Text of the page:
After the success of the first Classics delivers the musical range of the singer-songwriters enough good material to make a second part to be able to build. This time with gems of artists that we missed on the first part such as Sting, Janis Ian, Cat Stevens, Lyle Lovett, and even the old stalwarts such as Leonard Cohen, Chris Rea, Bob Dylan, JJ Cale, Joni Mitchell and Paul Simon.
Christopher Hogwood has found himself a dream cast here, with even the smallest roles taken by big names. There are a couple of surprises along the way, such as the underage First Sailor (sung by a slightly quavery treble) and the cross-dressing Sorceress, here taken by a bass. Still David Thomas cackles and machinates with the best of them, so don't let that put you off.
At under an hour this mini-masterpiece should be in every opera-lover's collection. There are scores of versions available but I tend to favour those with a Dido of really starry vocal quality given that her torments lie at the heart of the opera and all other considerations are secondary: Purcell and his librettist Nathum Tate make little of Aeneas's psychology and the other roles are all supplementary, reflecting upon Dido's plight, even to the extent of some suggesting that the Sorceress is her alter ego.
Purcell's Dido and Aeneas is one of the very few 17th-century works to have entered the operatic "canon" and developed a modern performance tradition before the late 20th century's early-music revival. For listeners who had grown fond of this opera in its "traditional" form, the period-instrument recordings of recent years have provided some odd surprises: an all-female cast (excepting Aeneas); a baritone Sorceress; singing in a style closer to a Restoration playhouse than Covent Garden.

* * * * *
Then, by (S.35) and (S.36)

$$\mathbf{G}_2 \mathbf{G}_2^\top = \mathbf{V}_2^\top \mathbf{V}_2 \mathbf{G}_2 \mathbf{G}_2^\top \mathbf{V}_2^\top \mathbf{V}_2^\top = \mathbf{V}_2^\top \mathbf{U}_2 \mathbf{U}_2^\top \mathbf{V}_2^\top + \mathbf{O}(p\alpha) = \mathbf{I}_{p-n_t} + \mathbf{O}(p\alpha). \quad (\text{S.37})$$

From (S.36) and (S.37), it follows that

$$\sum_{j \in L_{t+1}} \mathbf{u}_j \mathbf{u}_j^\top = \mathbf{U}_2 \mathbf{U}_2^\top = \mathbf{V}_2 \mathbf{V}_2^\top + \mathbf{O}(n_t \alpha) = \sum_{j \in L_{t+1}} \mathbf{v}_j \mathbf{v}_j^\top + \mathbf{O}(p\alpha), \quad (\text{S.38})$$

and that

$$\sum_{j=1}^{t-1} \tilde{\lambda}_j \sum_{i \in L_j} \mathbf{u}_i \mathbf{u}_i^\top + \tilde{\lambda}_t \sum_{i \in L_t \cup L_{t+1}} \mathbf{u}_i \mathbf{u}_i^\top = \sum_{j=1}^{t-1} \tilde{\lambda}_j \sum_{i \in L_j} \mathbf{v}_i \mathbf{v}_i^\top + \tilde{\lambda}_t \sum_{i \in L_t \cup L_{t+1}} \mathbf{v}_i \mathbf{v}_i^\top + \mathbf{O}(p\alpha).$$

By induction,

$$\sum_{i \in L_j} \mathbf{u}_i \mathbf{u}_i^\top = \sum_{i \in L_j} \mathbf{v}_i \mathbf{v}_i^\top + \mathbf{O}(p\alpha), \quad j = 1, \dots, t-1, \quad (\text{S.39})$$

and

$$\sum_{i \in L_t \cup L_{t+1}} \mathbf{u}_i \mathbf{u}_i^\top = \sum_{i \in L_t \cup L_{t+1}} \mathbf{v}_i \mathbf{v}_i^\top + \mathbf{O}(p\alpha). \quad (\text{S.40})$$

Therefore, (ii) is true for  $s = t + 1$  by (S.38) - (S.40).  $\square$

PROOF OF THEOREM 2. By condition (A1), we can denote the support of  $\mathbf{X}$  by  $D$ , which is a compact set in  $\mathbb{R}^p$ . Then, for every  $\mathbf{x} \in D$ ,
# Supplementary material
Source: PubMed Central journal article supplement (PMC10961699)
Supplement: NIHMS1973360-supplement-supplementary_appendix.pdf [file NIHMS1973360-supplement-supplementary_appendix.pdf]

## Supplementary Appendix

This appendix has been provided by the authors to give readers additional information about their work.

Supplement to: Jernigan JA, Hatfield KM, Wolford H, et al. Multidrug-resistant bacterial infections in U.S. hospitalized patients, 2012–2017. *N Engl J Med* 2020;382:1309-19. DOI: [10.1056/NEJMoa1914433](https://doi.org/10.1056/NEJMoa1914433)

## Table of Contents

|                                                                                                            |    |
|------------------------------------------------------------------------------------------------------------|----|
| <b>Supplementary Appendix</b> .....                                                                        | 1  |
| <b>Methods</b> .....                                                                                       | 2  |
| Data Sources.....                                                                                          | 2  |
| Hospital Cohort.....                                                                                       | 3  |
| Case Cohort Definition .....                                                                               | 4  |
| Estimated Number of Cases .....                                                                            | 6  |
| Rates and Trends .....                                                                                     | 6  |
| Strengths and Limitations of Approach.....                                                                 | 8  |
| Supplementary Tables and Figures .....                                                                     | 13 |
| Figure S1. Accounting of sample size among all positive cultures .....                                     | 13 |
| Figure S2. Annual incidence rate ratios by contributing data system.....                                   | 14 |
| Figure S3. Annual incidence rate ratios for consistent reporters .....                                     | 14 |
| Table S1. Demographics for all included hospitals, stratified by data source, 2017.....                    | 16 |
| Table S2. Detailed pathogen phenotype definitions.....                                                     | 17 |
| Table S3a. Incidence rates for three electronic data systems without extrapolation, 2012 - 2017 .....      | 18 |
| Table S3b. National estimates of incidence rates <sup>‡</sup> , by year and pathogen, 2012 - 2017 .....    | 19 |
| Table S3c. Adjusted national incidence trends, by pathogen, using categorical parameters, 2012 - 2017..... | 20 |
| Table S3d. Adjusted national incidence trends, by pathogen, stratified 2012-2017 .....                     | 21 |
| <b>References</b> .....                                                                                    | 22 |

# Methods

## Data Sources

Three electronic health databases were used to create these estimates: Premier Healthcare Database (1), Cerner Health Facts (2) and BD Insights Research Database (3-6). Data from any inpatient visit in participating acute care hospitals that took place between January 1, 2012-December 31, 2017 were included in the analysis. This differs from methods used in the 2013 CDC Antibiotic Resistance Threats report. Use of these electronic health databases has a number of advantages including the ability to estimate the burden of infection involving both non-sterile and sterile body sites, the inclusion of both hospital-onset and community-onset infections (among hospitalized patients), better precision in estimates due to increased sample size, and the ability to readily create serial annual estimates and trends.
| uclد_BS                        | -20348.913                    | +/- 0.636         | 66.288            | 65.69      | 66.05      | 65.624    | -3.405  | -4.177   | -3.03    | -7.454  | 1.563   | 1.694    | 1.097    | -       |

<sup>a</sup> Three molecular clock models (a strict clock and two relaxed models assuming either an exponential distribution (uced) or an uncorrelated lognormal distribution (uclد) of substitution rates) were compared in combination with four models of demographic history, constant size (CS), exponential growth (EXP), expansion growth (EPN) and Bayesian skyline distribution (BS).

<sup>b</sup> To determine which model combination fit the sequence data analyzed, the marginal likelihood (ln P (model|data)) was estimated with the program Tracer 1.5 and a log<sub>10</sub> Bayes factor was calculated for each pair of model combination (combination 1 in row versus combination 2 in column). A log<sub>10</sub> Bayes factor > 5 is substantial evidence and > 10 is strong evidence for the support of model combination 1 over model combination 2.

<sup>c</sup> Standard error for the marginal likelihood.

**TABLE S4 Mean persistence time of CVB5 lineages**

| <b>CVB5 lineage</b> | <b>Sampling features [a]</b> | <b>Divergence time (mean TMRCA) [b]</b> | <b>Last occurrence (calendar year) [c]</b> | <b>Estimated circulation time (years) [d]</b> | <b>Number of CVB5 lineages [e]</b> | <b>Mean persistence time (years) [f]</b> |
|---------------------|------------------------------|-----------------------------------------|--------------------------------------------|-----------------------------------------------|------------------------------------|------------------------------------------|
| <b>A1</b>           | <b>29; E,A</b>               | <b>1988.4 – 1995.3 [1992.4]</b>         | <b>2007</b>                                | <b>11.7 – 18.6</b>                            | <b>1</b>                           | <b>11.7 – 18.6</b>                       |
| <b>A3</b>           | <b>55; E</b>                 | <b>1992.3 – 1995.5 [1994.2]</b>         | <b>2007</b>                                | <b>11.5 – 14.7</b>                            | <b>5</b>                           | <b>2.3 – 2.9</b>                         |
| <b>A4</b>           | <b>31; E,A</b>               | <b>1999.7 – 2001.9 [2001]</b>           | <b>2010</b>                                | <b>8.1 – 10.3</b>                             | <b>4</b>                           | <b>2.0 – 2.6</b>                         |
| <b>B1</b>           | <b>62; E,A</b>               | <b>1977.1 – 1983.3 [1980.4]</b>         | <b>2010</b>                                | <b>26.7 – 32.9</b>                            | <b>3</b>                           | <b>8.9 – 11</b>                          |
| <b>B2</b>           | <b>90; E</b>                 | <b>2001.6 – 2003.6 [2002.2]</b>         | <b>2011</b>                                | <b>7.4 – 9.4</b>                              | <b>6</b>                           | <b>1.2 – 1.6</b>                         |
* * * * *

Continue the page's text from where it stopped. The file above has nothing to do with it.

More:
Henry Purcell's oft-recorded opera, "Dido and Aeneas", is in fact the only one he ever composed, and renowned Baroque specialist René Jacobs turns out to be an ideal interpreter of this seminal 17th-century musical allegory. Not even an hour in length, the opera is an ideal introduction to this period of classical music, as Purcell melds a tragic love story with Shakespearean-level theatricality and surprising comedy elements. This 2006 reissue of a 1998 performance doesn't have quite the dramatic vibrancy of Emmanuelle Haïm's 2004 six-instrument ensemble, but it compensates with scope and polish…
Dido's debut is moulded from Sarah McLachlan's intimate soul, Sinead O'Connor's Celtic yelp, and Beth Orton's morose resolve–with all the sharp edges rounded out. This is an auspicious and highly listenable album – atmospheric, seductive, and beautifully produced and sequenced. As of 2014, the album has sold more than 22 million copies worldwide, and was the second best-selling album of the 2000s in the UK, behind James Blunt's Back to Bedlam.
'Girl Who Got Away' is the fourth studio album by English recording artist Dido, released in Europe on 4 March 2013, and in North America on 26 March 2013 by RCA Records. The album serves as the follow-up to 2008's Safe Trip Home. Musically the album is a pop album with elements of electropop and trip-hop.